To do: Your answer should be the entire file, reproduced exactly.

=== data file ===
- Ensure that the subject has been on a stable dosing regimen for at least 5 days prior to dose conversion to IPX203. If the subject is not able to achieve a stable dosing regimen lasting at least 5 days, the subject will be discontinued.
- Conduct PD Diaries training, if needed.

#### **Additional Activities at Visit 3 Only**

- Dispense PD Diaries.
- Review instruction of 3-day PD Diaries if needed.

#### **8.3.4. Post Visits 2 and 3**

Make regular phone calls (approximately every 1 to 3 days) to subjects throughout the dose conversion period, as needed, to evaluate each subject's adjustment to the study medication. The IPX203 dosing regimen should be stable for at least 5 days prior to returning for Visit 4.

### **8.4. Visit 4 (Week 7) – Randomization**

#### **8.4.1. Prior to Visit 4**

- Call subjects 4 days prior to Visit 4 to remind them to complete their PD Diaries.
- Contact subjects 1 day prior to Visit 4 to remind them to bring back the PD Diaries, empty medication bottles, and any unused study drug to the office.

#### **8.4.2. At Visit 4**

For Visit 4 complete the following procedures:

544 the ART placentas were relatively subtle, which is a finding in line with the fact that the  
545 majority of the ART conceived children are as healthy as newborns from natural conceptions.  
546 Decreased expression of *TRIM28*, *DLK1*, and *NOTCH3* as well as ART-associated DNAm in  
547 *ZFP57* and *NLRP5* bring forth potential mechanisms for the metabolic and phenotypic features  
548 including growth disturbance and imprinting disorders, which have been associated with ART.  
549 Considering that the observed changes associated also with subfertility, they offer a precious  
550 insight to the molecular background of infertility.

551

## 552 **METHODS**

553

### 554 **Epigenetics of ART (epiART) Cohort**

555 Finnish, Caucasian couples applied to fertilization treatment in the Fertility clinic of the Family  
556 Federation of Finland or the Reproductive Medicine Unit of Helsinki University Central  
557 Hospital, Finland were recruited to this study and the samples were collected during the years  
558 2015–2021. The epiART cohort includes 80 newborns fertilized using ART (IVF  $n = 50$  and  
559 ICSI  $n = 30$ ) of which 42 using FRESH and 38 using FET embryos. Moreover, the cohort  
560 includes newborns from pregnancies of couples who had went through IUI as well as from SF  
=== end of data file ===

- Ensure that the subject has been on a stable dosing regimen for at least 5 days prior to dose conversion to IPX203. If the subject is not able to achieve a stable dosing regimen lasting at least 5 days, the subject will be discontinued.
- Conduct PD Diaries training, if needed.

#### **Additional Activities at Visit 3 Only**

- Dispense PD Diaries.
- Review instruction of 3-day PD Diaries if needed.

#### **8.3.4. Post Visits 2 and 3**

Make regular phone calls (approximately every 1 to 3 days) to subjects throughout the dose conversion period, as needed, to evaluate each subject's adjustment to the study medication. The IPX203 dosing regimen should be stable for at least 5 days prior to returning for Visit 4.

### **8.4. Visit 4 (Week 7) – Randomization**

#### **8.4.1. Prior to Visit 4**

- Call subjects 4 days prior to Visit 4 to remind them to complete their PD Diaries.
- Contact subjects 1 day prior to Visit 4 to remind them to bring back the PD Diaries, empty medication bottles, and any unused study drug to the office.

#### **8.4.2. At Visit 4**

For Visit 4 complete the following procedures:

544 the ART placentas were relatively subtle, which is a finding in line with the fact that the  
545 majority of the ART conceived children are as healthy as newborns from natural conceptions.  
546 Decreased expression of *TRIM28*, *DLK1*, and *NOTCH3* as well as ART-associated DNAm in  
547 *ZFP57* and *NLRP5* bring forth potential mechanisms for the metabolic and phenotypic features  
548 including growth disturbance and imprinting disorders, which have been associated with ART.  
549 Considering that the observed changes associated also with subfertility, they offer a precious  
550 insight to the molecular background of infertility.

551

## 552 **METHODS**

553

### 554 **Epigenetics of ART (epiART) Cohort**

555 Finnish, Caucasian couples applied to fertilization treatment in the Fertility clinic of the Family  
556 Federation of Finland or the Reproductive Medicine Unit of Helsinki University Central  
557 Hospital, Finland were recruited to this study and the samples were collected during the years  
558 2015–2021. The epiART cohort includes 80 newborns fertilized using ART (IVF  $n = 50$  and  
559 ICSI  $n = 30$ ) of which 42 using FRESH and 38 using FET embryos. Moreover, the cohort  
560 includes newborns from pregnancies of couples who had went through IUI as well as from SF  